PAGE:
Video games industry: Rise of the 'bedroom' developer
On 17 August 2010, one of the UK's biggest games companies -
Dundee-based Realtime Worlds - went into administration with the loss of
more than 150 jobs.
The company's collapse followed disappointment in the sector as the
coalition government at Westminster cancelled planned tax breaks for the
Many experts predicted these hi-tech firms - full of young, mobile
people - would simply move abroad in search of more sympathetic tax
This once flourishing part of the Scottish - and the UK - economy was in
terminal decline, they said.
But the city's Abertay University, one of the few places in the UK you
can take courses on video games design and development, is still
churning out graduates keen to make their mark in the sector.
One of them is Martyn Hunter, a 21-year-old from Kirkcaldy in Fife, who
believes the collapse of Realtime was more a sign of rapid change in the
industry, rather than a symbol of its decline.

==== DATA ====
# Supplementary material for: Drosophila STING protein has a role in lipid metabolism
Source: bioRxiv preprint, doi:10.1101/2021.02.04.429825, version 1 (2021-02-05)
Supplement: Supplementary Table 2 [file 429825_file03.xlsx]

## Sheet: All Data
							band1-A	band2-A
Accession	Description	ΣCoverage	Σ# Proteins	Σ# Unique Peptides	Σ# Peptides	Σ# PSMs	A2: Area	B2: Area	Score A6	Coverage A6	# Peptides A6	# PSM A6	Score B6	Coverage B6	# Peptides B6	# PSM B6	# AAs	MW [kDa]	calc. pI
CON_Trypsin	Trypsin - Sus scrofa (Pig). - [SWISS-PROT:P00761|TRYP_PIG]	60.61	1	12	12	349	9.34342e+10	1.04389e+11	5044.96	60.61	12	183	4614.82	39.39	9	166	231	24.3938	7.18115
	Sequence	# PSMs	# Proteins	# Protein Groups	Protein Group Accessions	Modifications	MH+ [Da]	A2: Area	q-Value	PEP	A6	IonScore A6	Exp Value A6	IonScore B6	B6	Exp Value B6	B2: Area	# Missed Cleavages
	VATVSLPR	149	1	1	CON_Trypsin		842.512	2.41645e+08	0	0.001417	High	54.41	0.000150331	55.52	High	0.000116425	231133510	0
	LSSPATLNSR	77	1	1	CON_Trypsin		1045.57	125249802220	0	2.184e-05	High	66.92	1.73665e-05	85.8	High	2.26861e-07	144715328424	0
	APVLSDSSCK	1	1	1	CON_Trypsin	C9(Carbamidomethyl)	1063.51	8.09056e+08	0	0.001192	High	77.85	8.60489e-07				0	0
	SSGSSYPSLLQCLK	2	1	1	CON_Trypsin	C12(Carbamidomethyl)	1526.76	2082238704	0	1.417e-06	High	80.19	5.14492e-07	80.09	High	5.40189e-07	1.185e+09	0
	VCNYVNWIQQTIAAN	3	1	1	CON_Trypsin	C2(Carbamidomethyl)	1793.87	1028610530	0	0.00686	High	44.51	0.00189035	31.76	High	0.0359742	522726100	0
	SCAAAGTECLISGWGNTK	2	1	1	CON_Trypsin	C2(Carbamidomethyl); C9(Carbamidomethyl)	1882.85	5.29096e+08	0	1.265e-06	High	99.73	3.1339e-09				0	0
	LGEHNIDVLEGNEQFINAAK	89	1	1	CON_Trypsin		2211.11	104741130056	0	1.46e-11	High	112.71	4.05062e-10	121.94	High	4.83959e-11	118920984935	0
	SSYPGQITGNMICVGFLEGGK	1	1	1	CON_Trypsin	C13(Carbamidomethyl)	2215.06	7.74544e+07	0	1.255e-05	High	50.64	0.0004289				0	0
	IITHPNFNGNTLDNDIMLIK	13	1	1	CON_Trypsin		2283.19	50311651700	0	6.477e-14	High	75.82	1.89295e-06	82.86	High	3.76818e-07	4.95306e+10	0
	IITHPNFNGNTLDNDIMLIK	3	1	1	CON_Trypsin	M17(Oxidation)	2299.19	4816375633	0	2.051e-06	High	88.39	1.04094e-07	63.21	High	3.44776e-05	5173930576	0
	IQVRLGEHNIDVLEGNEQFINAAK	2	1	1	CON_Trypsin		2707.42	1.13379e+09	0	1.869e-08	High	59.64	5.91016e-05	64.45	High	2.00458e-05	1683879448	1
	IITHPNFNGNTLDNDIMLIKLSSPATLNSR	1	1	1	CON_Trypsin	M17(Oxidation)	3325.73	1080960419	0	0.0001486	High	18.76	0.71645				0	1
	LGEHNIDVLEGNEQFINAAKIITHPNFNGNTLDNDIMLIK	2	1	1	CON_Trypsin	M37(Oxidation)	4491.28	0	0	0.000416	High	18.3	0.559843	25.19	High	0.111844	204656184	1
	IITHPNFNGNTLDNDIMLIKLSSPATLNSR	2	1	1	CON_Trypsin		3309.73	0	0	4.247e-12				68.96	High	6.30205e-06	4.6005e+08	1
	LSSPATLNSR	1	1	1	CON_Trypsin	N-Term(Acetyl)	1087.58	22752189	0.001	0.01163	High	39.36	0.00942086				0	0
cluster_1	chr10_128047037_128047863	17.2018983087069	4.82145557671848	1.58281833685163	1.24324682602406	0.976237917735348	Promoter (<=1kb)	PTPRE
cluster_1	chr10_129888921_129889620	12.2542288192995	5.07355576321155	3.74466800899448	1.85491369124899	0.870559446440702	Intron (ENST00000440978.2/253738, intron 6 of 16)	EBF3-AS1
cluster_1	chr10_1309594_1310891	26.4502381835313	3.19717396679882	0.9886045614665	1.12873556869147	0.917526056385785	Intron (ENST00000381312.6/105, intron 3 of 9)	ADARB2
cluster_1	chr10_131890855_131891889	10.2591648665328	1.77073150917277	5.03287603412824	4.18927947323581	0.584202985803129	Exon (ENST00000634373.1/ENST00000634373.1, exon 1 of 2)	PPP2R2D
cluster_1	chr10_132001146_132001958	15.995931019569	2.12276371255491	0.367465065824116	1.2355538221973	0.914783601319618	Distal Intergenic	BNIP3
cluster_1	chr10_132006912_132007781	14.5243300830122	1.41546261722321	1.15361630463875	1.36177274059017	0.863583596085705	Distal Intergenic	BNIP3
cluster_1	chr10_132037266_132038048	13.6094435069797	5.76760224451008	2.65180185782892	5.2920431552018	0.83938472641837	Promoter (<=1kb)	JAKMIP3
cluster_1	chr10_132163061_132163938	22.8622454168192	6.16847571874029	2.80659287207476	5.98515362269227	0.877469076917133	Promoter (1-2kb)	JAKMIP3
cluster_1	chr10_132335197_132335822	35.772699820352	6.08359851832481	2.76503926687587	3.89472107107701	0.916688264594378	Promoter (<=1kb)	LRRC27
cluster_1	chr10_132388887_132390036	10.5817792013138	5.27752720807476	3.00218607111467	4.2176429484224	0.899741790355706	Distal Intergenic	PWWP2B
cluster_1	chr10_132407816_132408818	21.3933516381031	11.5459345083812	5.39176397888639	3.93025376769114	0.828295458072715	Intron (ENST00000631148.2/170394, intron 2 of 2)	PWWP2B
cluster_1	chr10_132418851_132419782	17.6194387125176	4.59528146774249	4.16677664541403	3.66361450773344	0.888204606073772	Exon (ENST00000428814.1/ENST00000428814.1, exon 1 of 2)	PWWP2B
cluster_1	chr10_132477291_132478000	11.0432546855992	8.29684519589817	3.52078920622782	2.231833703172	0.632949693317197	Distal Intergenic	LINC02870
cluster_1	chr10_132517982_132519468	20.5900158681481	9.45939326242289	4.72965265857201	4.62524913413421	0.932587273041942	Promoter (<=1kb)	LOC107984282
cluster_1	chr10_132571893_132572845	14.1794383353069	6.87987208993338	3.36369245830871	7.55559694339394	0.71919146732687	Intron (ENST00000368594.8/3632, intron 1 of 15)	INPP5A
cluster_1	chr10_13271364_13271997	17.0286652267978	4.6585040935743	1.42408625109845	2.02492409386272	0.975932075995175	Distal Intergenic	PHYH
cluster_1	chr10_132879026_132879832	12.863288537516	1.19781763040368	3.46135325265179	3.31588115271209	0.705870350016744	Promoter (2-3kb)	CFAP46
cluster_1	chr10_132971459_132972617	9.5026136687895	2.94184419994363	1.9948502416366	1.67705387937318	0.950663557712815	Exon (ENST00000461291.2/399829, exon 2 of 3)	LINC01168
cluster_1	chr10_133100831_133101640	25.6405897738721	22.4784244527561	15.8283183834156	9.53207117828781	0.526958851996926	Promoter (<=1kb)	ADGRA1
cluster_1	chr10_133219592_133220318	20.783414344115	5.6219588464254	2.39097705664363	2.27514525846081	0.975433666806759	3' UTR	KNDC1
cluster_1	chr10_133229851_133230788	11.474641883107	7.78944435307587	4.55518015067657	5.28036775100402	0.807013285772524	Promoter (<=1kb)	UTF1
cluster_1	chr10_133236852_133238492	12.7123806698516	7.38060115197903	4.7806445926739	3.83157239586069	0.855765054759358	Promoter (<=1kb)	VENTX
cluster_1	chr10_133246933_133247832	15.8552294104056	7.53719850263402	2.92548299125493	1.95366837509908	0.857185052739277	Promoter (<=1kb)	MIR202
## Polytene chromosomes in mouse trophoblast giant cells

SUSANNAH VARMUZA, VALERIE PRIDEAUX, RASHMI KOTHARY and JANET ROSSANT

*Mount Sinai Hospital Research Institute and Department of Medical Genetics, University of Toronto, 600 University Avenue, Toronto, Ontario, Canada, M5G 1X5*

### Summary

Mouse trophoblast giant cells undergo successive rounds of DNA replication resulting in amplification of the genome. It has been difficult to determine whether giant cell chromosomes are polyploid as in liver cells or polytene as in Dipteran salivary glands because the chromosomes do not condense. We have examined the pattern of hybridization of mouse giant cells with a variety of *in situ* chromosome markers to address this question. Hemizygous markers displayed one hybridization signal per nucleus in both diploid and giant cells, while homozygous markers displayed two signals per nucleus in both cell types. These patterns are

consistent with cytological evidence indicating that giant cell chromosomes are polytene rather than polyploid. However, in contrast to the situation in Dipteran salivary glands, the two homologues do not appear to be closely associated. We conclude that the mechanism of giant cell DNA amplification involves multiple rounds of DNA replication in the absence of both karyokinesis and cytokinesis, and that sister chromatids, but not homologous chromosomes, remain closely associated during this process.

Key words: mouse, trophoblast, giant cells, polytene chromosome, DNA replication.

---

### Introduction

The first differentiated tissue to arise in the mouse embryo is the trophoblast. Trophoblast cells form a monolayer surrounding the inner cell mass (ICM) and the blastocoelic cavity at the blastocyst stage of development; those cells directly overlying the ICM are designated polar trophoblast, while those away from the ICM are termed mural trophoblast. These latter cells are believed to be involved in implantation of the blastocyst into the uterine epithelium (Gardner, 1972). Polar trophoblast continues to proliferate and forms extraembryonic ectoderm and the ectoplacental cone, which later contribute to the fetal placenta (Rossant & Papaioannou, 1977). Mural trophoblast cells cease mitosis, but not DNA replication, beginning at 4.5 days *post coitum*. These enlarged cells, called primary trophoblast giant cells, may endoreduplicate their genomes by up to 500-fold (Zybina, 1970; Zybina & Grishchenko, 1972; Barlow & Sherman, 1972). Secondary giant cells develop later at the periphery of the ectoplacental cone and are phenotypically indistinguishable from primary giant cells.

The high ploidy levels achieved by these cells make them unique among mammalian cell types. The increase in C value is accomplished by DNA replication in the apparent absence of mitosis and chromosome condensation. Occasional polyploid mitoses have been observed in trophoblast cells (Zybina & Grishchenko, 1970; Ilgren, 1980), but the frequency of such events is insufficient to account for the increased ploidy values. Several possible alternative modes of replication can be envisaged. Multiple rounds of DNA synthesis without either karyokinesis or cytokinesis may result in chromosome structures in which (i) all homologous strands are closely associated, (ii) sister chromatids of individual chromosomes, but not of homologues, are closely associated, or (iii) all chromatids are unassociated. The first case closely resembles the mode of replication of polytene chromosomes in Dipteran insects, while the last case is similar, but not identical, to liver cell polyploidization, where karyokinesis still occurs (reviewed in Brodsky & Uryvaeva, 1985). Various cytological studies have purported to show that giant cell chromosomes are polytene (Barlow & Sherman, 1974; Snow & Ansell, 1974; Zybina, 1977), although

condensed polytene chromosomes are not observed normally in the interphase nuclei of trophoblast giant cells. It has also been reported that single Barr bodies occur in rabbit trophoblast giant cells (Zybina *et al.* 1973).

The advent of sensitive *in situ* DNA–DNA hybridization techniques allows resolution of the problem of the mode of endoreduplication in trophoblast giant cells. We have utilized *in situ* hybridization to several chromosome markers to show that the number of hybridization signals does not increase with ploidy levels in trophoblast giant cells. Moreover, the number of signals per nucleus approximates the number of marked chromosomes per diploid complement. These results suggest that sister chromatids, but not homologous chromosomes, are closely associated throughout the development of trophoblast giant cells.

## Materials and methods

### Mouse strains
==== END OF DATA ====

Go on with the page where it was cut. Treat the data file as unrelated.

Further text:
On starting his course three years ago, his ambition was to work on a
big blockbuster title like Call of Duty or Grand Theft Auto - but now
he's more interested in becoming an indie games producer and join the
the "bedroom developer" revolution.
"Triple-A titles, major mainstream budgets just aren't going to work
these days," he says.
"I personally think that smaller, casual games for mobile platforms,
Facebook and social networks are the way forward, because they require a
lower budget and give a lot more creative freedom - which gives birth to
such amazing new games."
Far from being "depressing", Mr Hunter says it's actually a time of
incredible opportunity for graduates entering the sector.
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